Pick Me Up Off The Floor (Blue Note/Universal)
The easiest way to divert people still asking if you make jazz or if you make “Blue Note type” music is to give them music that isn’t really quantifiable - in those terms or any others. The best way to change the conversation is to make music that feels like yours and let them worry about how to categorise it.
Intentionally or not, that’s what Norah Jones has done for just about all her career: pushing the boat out each time without ever feeling like she’s gone over the horizon (she’s still got that voice; she’s still got tunes; she’s still got the players – so accessibility has always been possible) but never feeling like she’s settled into a safe harbour (jazz, country, electronica, harmony pop, light soul, even art music – they’ve all turned up at some point).
Pick Me Up Off The Floor is a record which veers in and outside the shipping lanes in such a deceptive way that you have to stop and break it down to really notice that straight line moves have in fact been rare.
It opens with How I Weep which starts with a gently persuasive voice that immediately feels comfortably familiar, but over a simple, repetitive bottom hand piano rhythm that stays unchanged for pretty much all of the four and a half minutes and becomes something of a hypnotic minimalist line, or a nagging, probing undercurrent – depending on your taste or patience.
The recurring appearance of strings work as violin punctuation points at first (like stabbing lines in a ‘50s filmscore), then as a cello-based mood thickener - though neither dominate – and in the second half of the song the right hand on the piano prods firmly at notes like questions being thrown.
You are served cream by one side, something sharper, more tart by the other, so that you never settle even though you wouldn’t say you’re unsettled exactly either. And that’s amplified by the lyrics which never specifies the loss or the hurt for which she weeps, but as the song opens out, past the surface performance of “And I march and I dance/And I sing and I laugh”, to the point where she says she weeps “for a loss that’s so deep/That it hardens and turns into stone”, you sense an internal disquiet in her that slowly becomes part of your own experience. Even then that doesn’t “whack me straight into my stomach at night” but it does begin to tie a knot in that stomach.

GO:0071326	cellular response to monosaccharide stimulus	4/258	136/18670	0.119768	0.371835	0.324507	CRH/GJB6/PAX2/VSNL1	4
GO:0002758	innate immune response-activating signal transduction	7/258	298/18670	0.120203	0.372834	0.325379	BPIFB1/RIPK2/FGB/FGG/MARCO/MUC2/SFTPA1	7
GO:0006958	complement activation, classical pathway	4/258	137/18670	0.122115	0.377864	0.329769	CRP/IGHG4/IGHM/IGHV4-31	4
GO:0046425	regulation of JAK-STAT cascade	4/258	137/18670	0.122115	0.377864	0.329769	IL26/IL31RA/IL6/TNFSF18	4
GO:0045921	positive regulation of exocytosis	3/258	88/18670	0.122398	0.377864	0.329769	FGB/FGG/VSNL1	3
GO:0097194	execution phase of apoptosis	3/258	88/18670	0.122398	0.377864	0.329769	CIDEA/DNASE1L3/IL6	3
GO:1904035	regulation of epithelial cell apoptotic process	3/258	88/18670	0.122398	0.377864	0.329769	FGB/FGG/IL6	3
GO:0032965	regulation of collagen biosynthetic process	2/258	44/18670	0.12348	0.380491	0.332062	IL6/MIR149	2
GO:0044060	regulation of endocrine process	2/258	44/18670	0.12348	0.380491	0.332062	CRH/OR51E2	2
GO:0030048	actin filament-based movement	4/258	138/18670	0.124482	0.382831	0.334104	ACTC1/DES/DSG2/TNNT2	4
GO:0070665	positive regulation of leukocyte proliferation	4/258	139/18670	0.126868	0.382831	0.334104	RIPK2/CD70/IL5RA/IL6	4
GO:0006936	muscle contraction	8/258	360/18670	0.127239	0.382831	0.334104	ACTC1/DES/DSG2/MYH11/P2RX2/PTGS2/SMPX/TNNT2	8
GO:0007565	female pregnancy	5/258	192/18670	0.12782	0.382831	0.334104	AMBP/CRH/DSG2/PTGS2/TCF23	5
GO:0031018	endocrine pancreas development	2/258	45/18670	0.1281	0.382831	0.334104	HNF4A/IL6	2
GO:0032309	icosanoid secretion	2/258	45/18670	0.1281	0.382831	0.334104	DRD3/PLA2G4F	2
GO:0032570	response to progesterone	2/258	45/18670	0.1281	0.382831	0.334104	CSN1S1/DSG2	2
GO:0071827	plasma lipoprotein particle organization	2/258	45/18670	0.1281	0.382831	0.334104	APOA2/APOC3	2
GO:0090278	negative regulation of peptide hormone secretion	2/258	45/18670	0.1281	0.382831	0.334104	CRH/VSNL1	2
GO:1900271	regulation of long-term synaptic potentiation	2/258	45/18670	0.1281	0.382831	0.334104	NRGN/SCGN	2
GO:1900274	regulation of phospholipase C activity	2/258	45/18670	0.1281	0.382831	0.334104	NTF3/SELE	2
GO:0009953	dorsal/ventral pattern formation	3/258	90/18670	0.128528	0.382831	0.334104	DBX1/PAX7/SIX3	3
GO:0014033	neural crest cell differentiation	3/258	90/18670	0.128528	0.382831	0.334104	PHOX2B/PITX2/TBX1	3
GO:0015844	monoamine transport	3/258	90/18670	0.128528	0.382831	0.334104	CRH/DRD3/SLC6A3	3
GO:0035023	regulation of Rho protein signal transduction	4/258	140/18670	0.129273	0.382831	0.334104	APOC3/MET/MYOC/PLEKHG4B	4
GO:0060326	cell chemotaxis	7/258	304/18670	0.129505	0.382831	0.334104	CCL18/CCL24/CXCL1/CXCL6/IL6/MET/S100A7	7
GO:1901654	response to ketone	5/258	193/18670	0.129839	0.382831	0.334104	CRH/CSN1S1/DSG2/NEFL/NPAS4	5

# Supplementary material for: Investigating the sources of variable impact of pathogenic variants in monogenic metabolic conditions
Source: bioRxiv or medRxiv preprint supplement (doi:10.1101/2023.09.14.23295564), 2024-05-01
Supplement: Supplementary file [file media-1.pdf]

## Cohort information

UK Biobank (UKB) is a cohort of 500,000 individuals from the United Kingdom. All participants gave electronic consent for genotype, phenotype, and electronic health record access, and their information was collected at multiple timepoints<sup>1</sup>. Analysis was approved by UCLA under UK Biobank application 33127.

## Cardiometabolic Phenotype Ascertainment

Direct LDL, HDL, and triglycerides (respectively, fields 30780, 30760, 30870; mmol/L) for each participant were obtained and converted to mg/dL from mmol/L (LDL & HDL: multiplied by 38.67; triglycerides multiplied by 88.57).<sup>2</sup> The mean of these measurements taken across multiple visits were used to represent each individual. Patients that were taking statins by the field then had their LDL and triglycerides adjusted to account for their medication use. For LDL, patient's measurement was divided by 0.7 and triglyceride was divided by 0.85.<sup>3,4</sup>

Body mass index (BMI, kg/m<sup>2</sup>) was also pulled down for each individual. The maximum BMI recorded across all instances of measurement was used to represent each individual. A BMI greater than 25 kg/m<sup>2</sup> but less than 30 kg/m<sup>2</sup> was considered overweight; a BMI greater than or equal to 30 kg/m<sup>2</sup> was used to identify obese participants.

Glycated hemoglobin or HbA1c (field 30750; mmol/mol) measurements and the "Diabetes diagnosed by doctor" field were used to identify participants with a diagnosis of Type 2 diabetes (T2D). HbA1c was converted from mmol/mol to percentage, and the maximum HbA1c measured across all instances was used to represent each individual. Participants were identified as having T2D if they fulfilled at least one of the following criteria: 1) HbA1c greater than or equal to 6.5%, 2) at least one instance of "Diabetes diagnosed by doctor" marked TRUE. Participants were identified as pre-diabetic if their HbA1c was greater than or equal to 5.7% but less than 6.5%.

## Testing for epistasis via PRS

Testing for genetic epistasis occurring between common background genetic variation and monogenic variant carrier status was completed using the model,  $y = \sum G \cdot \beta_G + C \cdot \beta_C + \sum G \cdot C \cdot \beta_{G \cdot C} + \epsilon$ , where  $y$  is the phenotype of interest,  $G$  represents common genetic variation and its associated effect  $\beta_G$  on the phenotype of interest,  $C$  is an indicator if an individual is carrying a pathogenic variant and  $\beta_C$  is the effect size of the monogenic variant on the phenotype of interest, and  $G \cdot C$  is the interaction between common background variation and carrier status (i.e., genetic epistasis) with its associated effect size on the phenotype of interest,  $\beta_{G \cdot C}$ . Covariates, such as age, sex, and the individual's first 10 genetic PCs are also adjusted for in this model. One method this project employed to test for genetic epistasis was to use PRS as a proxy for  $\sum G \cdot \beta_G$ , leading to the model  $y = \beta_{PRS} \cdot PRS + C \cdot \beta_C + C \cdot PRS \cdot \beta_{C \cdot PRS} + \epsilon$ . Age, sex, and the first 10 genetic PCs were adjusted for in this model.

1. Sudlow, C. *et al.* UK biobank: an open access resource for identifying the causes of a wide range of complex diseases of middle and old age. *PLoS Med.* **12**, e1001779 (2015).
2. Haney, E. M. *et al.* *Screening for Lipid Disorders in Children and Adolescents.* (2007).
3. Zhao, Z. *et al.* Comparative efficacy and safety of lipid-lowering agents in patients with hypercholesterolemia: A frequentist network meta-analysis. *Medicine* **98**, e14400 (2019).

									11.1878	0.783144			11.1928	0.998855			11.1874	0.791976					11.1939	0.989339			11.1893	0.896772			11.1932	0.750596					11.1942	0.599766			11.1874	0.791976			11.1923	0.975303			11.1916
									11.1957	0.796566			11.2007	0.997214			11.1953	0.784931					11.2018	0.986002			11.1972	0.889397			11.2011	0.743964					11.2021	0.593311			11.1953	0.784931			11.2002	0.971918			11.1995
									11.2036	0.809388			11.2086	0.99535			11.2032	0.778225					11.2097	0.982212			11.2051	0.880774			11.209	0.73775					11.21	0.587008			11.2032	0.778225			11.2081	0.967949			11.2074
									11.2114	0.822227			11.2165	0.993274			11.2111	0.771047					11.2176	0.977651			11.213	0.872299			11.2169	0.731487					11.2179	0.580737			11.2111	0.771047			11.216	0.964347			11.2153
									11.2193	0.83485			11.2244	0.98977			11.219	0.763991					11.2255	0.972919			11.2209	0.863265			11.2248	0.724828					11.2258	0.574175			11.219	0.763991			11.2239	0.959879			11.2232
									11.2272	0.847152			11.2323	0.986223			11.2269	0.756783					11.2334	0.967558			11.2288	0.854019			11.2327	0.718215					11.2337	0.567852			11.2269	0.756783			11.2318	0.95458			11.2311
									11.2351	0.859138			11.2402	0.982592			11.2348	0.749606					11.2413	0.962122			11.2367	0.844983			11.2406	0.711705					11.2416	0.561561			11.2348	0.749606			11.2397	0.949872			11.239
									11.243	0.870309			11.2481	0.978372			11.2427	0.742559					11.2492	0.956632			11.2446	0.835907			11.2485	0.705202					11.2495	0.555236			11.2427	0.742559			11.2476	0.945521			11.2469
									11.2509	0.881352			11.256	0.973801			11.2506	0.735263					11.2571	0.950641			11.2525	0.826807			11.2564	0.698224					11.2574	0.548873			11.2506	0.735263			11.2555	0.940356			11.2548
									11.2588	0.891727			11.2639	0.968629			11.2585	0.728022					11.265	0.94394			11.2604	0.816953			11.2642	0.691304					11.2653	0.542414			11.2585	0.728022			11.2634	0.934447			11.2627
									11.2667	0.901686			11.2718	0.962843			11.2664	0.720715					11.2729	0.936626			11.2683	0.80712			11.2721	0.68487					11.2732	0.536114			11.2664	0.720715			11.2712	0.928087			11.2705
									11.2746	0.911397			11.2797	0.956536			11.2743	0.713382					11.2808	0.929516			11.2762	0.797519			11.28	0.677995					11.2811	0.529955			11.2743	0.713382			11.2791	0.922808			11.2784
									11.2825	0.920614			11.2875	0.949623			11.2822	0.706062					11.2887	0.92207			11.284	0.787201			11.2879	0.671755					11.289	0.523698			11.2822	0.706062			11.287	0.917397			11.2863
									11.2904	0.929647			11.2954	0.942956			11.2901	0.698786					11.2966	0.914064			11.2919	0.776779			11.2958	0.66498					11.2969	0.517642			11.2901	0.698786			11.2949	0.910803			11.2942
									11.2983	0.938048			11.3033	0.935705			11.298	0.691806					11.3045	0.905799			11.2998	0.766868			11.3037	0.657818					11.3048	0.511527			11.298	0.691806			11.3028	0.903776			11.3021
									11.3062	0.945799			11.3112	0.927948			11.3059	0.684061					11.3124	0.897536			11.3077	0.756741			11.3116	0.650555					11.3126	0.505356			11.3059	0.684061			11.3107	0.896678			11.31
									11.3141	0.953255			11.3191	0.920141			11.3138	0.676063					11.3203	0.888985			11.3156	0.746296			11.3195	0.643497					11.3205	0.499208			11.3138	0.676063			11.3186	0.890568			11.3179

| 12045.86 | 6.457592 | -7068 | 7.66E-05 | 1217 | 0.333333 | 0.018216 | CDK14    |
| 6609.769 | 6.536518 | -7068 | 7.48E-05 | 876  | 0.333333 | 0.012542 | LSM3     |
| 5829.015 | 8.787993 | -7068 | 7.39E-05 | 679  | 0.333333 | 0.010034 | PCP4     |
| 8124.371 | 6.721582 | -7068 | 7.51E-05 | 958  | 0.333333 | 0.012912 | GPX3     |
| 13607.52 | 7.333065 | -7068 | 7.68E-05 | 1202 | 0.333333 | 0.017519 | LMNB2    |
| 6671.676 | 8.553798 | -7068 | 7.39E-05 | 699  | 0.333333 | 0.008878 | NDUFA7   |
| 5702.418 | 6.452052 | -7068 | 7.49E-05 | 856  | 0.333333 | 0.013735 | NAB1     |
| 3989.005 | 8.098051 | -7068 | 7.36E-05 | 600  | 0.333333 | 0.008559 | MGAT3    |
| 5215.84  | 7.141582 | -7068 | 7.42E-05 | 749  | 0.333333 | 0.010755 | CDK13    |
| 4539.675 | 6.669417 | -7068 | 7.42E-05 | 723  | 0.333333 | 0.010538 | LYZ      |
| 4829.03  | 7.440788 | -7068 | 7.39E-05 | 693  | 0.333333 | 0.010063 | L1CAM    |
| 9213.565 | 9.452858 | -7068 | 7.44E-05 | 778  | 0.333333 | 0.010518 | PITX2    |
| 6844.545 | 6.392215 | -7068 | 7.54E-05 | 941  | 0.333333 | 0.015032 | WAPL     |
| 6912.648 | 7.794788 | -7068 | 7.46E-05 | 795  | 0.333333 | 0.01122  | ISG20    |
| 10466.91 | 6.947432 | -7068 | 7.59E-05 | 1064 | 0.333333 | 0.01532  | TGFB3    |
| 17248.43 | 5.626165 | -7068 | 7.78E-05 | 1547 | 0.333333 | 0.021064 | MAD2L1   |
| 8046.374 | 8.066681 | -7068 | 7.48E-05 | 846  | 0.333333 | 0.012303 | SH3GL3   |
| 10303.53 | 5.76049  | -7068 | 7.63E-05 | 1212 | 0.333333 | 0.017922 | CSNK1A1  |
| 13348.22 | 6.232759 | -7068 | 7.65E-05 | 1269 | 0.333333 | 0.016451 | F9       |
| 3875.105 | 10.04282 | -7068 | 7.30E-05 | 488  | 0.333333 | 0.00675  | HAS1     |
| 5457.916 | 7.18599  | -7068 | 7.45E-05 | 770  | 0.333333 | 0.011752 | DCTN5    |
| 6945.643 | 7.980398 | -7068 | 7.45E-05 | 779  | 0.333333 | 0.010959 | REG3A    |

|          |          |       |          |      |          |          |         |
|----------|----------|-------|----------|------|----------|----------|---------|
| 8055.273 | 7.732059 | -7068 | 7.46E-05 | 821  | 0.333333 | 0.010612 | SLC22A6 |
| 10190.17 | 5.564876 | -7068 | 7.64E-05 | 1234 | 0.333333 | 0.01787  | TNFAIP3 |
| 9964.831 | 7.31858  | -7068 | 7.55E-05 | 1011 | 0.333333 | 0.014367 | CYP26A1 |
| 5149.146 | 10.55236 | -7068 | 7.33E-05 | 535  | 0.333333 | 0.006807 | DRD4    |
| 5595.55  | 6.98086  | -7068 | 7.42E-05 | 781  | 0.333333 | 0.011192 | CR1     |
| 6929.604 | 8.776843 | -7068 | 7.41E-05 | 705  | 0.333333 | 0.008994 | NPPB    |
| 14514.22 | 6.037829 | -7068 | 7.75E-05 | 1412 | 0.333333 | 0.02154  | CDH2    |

It’s a fascinatingly balanced song, a proper opener in that it gives you the guidelines for the album as both invitation and warning, but seductively unclear as to which will take you first, because there are layers, or maybe more appropriately, counter-arguments, everywhere.
That might be the sweep of a soul organ and the Floydian guitar chords in Flame Twin, and the understated Chicago gospel peeking into country rock of I’m Alive (co-written with Jeff Tweedy), or the blend of Jones declaring “this life as we know it, is over” in a manner that is almost businesslike, with humming, then rising, then cooing backing vocals which feel like a Laura Nyro arrangement, in This Life.
It’s there in the low-level menace of the lower registers and the prickly pleading of the violin in Were You Watching (“Were you watching when the flowers bloomed in the springtime? … Were you watching as we slowly turned into strangers?”), and in the way Carole King and Elvis Costello coexist in the sting and smoothness, the side-eye and caress of Hurts To Be Alone.
And it’s most definitely there in the dark hued sensuality, the imminent threat – of pleasure or hurt or both – in Say No More which segues from Chick Corea to Herbie Hancock to the edge of Otis Spann.
Even the most conventional track here, the quiet croon of Heartbroken, Day After, where Jones hints at some Billie Holiday phrasing and the bass leans towards a jazz corner, there’s some pedal steel to bend the line a tad and the lyrics find her – even as the voice is unwavering – spiralling out of control.
Without ever being explicit, neither naming names nor identifying a struggle, Pick Me Up Off The Floor feels like a record made in the eddy of these past few years of turbulence - political, financial, medical, social, intellectual, emotional. There are signs of unease and even anger, flashes of optimism and tempered joy too. However, it’s not a record made unsteady by the current, for Jones is comfortable here, and so will we be, even if we’re not able to say which way the swell will rise or how deep the next dip is.